The Cuban revolution led by Fidel Castro and Raul Castro has always been a matter for ambivalence for some African Americans. The Castro brothers unleashed a reign of terror against their own people, ruthlessly cracking down on dissent, as they consolidated power and raised an iron shield to protect their movement.
With a hostile United States 100 miles away, Cuba was dragged into the sphere of the now defunct Soviet Union and Marxism became the ideology of the government, with all that it meant in terms of dictatorship.
A now ailing and aged Fidel Castro, who ruled with an iron fist for most of this time, finally yielded most power to his brother but the crackdown against any form of dissent continues to be relentless more than half a century later.
Only very gradually are small steps being taken to begin the process of cracking open the society and letting the light of democracy shine. It is quite possible that, given the realities of today’s world, that process will be inevitable and the Cuban people will be able to wake up from their long nightmare.
African Americans, like all Americans, value democracy and what it has come to mean — even as the legacy of racism continues to burden us and the nation as a whole. Fidel Castro’s Cuba, therefore, has been rejected by all freedom-loving people.
But, at the same time that Fidel Castro terrorized his people, both black and white, he showed another side to blacks across the African Diaspora, partly because he needed Afro-Cubans on the side of his revolution and partly because he saw black people as a means to spread his ideology and burnish his image abroad.
But to many African Americans — a people who spent centuries resisting, in their own ways, the tyranny of the white majority at home — Fidel Castro’s horrific treatment of his own people, both blacks and whites, is a reminder of the tragedy of governmental dehumanization of citizens.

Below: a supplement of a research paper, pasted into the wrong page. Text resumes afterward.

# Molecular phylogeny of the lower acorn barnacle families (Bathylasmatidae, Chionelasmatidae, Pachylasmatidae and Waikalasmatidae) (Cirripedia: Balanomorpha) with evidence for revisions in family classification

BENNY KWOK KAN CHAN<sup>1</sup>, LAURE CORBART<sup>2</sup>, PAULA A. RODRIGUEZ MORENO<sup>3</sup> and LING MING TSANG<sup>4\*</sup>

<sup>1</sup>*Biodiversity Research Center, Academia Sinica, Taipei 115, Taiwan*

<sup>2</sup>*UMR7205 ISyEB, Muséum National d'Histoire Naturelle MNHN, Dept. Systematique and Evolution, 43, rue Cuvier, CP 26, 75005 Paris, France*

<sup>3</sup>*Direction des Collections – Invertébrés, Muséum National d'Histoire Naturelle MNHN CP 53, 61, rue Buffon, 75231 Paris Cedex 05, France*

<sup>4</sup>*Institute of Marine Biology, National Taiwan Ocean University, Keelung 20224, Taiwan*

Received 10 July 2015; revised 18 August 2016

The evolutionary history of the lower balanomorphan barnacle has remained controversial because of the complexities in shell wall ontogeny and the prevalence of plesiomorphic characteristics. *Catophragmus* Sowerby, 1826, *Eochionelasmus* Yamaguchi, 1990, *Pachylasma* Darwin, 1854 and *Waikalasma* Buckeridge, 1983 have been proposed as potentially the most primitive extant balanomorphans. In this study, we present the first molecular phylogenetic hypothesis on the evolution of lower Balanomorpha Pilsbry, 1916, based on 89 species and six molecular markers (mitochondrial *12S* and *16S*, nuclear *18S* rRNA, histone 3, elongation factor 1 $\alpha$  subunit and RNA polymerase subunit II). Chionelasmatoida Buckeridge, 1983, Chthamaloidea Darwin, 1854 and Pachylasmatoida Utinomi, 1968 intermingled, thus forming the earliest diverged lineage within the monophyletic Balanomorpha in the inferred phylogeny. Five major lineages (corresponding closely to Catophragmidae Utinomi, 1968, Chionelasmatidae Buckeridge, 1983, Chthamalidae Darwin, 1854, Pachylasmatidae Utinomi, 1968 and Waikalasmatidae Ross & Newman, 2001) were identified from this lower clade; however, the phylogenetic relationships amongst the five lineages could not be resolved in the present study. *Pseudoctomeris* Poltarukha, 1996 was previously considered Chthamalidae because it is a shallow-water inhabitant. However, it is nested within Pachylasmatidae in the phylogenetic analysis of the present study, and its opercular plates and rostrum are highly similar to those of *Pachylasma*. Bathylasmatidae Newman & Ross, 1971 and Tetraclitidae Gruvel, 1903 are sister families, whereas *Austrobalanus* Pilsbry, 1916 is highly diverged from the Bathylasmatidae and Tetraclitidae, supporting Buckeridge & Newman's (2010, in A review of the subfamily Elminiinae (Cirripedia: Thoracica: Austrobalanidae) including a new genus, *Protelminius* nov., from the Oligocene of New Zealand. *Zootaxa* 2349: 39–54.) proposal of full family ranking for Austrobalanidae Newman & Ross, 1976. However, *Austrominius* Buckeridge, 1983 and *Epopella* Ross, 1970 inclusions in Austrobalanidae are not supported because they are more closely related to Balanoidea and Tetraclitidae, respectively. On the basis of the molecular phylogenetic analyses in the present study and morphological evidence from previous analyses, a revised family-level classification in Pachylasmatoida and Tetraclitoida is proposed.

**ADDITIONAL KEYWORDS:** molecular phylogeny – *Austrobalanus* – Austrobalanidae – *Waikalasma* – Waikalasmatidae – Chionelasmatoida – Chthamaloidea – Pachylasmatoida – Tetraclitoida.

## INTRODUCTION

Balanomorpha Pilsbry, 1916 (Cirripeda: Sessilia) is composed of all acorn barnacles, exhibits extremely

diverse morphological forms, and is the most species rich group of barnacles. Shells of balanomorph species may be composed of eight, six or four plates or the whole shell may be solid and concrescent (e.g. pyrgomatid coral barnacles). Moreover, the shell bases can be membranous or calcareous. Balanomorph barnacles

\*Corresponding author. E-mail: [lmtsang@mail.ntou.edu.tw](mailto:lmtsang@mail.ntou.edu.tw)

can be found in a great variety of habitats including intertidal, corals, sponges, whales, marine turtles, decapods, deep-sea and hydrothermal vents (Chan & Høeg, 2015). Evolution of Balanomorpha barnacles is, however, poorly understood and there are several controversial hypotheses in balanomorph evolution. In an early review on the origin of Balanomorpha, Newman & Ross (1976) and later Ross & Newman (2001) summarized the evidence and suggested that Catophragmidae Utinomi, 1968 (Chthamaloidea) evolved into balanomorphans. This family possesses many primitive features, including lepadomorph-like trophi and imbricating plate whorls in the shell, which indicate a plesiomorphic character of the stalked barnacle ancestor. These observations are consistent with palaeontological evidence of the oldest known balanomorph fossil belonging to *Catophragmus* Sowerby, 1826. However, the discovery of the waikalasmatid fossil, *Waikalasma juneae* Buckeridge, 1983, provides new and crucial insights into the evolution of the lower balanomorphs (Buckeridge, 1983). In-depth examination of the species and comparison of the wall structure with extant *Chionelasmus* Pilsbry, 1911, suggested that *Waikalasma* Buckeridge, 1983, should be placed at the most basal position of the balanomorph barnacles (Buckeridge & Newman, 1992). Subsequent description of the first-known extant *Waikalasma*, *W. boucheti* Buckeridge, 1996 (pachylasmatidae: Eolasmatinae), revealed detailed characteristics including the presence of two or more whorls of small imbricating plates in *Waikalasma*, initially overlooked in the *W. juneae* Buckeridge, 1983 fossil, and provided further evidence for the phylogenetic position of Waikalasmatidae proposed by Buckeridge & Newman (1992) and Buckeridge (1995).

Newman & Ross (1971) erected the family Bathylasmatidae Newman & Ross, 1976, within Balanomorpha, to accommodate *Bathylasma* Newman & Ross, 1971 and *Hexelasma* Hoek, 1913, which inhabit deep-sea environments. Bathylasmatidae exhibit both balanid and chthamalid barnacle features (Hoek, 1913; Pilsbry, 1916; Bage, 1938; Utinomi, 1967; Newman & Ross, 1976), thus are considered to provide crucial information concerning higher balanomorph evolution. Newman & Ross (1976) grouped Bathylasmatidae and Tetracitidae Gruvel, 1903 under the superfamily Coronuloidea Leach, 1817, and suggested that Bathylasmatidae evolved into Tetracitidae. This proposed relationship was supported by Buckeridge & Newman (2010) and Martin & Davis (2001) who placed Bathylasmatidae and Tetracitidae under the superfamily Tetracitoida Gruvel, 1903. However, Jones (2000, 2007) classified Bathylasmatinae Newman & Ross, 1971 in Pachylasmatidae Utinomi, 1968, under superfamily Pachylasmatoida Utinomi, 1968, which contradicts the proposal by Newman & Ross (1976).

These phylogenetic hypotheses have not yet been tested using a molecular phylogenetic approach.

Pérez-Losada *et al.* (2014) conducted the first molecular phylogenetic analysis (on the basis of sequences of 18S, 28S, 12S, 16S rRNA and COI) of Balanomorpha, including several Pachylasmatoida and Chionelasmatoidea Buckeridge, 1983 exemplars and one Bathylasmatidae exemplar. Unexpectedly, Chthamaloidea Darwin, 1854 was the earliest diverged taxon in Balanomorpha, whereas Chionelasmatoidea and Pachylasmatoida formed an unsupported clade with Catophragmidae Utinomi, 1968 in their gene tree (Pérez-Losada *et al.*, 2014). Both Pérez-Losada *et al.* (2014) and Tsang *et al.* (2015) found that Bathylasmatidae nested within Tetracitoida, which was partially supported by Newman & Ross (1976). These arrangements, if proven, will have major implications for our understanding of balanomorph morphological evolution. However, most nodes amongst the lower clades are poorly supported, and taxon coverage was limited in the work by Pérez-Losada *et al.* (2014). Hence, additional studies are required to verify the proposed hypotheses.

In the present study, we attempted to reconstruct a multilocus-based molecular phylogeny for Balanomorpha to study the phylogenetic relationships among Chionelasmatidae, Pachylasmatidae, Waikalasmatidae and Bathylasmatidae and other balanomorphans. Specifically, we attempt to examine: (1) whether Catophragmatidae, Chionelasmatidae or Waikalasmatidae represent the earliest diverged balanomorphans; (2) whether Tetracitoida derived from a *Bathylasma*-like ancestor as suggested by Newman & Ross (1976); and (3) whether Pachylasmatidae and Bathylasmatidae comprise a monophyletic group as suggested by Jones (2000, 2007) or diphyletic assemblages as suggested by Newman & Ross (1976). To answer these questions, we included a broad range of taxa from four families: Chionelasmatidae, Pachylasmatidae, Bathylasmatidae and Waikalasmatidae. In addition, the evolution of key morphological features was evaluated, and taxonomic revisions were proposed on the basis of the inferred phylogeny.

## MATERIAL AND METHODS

All of this came to the fore recently when Ozzie Guillen, the newly minted Venezuela-born manager of the Miami Marlins baseball team, said he loved Fidel Castro. Mr. Guillen explained that he was referring to the fact that the Cuban dictator had survived several assassination attempts — most of which, it is believed, originated with the CIA.
Even that sort of admiration for Fidel Castro was enough to spark major outrage among Cuban Americans in Miami and Mr. Guillen apologized. But it also aroused passions among some African Americans who know of Fidel Castro’s history with blacks. Lucius Gantt expresses that view in a column on this page.
African Americans and others throughout the world must carefully evaluate the inclination of a cruel despot to treat some people with respect while treating their own citizens as less than human. This two-faced approach is not a sign of good; it is a sign of evil.
Leaders who unjustly deprive citizens of freedom or life are inhumane. Inhumanity towards some is inhumanity toward mankind.